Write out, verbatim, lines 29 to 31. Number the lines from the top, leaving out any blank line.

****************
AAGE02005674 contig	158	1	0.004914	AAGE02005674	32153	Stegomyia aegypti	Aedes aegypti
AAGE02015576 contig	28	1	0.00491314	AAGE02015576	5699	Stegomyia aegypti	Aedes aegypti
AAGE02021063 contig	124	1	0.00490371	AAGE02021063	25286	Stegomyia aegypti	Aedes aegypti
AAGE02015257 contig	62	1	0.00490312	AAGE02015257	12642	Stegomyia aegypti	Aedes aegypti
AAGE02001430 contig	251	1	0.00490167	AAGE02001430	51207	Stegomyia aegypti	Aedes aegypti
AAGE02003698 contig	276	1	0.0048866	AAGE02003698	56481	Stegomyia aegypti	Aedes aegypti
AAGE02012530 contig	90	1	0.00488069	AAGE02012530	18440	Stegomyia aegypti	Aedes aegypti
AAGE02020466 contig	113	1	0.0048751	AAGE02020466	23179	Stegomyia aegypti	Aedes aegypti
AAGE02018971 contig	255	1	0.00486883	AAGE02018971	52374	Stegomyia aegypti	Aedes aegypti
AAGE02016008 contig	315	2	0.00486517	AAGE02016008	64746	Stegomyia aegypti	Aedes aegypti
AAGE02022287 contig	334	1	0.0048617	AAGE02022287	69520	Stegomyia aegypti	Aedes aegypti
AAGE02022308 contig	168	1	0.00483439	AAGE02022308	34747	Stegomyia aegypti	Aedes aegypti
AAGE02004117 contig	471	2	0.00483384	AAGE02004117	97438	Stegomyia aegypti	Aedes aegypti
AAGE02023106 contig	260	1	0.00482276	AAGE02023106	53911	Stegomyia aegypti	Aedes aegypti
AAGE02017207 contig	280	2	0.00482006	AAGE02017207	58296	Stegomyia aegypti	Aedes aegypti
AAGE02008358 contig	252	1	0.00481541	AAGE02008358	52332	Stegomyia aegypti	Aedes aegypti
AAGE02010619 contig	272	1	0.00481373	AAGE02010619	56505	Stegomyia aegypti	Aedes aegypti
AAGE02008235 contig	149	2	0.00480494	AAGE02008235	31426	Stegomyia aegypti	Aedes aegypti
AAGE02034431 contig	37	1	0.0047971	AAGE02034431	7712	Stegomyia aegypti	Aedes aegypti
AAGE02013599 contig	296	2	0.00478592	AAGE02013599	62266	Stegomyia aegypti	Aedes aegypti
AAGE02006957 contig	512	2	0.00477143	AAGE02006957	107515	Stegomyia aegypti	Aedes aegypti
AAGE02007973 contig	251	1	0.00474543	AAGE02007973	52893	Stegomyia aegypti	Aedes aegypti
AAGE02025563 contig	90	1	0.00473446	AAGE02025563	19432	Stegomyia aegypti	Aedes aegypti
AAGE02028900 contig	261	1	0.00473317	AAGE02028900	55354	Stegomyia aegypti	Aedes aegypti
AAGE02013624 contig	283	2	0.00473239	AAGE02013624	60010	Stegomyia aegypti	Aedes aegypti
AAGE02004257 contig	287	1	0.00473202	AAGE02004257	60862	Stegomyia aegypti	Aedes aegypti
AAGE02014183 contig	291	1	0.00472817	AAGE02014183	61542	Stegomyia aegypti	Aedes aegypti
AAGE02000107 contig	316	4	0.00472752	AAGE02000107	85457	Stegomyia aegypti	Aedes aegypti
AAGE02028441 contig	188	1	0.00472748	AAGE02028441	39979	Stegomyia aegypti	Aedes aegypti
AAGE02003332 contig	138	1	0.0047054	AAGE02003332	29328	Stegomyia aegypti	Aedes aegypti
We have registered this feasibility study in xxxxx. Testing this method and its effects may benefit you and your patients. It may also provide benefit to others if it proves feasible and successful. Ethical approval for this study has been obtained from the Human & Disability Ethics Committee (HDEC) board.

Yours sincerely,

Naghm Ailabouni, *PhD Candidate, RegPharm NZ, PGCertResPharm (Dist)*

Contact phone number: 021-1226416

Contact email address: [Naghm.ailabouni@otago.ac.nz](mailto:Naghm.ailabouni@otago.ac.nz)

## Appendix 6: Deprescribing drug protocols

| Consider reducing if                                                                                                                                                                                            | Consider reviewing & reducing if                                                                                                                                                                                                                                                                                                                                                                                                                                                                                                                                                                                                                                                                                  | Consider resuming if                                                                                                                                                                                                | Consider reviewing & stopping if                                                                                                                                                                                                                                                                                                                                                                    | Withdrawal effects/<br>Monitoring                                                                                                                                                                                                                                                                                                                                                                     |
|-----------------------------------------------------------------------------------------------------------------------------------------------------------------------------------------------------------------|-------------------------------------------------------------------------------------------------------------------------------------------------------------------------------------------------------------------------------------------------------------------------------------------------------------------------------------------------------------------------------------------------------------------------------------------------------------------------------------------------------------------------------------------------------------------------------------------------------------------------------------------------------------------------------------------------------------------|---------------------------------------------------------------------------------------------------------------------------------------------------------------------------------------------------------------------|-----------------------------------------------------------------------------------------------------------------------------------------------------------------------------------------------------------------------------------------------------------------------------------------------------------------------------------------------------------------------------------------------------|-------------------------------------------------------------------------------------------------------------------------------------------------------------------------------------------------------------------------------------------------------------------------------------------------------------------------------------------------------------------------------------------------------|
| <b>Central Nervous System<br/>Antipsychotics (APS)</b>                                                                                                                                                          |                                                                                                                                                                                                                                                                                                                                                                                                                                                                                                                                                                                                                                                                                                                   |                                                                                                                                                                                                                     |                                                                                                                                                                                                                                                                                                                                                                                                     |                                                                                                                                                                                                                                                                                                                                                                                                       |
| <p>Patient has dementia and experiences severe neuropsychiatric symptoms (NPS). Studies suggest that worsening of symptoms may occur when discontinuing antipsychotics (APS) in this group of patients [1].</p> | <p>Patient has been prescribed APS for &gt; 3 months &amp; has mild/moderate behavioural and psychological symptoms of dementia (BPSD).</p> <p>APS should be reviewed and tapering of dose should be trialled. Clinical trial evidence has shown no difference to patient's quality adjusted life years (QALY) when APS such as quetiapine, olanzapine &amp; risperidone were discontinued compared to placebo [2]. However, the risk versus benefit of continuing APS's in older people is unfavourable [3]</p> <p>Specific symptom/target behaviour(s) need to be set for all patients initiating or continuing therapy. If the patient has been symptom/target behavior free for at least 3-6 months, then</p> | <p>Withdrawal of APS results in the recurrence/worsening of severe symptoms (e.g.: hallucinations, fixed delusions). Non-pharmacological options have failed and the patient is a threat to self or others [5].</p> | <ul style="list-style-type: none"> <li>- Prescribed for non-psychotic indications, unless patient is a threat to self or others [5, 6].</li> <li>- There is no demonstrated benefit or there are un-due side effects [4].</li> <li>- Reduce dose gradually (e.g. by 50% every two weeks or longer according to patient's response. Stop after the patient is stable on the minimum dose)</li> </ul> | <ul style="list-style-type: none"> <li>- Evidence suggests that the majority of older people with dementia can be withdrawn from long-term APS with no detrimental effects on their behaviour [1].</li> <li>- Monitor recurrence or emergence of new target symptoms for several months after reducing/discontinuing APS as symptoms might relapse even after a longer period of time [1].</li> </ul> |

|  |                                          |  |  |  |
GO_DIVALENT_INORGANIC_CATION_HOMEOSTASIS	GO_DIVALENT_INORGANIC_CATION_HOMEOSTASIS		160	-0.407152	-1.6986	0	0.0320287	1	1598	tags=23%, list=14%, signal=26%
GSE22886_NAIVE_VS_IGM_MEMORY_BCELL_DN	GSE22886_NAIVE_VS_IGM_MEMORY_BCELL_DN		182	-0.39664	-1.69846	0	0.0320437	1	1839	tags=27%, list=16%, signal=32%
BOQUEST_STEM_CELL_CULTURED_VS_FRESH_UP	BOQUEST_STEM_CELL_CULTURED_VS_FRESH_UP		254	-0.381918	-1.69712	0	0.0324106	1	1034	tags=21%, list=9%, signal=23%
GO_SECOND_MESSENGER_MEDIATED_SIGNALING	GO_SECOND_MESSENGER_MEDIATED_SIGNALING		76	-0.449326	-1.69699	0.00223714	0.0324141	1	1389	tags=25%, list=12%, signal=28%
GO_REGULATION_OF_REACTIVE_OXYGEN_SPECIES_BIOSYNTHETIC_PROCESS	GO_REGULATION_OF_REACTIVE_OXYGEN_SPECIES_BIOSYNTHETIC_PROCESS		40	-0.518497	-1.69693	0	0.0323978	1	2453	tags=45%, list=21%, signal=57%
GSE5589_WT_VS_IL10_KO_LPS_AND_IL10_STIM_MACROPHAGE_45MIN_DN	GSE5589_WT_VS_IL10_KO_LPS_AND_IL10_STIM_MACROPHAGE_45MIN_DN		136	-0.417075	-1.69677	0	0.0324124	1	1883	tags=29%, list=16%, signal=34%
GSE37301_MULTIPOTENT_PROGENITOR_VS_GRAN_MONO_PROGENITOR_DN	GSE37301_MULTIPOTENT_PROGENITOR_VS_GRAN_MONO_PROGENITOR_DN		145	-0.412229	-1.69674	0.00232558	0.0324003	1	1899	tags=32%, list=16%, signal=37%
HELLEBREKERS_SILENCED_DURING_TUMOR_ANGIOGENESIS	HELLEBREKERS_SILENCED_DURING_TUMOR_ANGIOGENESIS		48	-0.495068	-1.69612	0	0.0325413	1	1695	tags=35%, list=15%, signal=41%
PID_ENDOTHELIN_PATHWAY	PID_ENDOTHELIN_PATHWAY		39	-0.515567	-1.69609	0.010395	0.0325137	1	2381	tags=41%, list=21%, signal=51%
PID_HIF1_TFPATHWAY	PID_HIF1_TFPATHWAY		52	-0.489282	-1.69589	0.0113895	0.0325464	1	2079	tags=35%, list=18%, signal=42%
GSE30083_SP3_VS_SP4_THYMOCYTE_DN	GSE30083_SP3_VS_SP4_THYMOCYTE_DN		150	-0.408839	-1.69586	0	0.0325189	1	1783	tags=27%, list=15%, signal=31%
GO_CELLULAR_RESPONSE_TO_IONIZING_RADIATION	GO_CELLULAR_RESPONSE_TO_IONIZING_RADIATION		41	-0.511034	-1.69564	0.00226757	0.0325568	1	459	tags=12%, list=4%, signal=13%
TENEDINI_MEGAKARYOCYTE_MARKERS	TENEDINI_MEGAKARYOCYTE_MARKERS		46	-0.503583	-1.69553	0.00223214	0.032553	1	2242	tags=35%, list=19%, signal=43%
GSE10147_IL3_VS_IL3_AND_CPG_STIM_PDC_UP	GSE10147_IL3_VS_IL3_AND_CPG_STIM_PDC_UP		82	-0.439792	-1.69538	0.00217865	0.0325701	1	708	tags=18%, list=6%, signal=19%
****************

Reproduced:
AAGE02028441 contig	188	1	0.00472748	AAGE02028441	39979	Stegomyia aegypti	Aedes aegypti
AAGE02003332 contig	138	1	0.0047054	AAGE02003332	29328	Stegomyia aegypti	Aedes aegypti
We have registered this feasibility study in xxxxx. Testing this method and its effects may benefit you and your patients. It may also provide benefit to others if it proves feasible and successful. Ethical approval for this study has been obtained from the Human & Disability Ethics Committee (HDEC) board.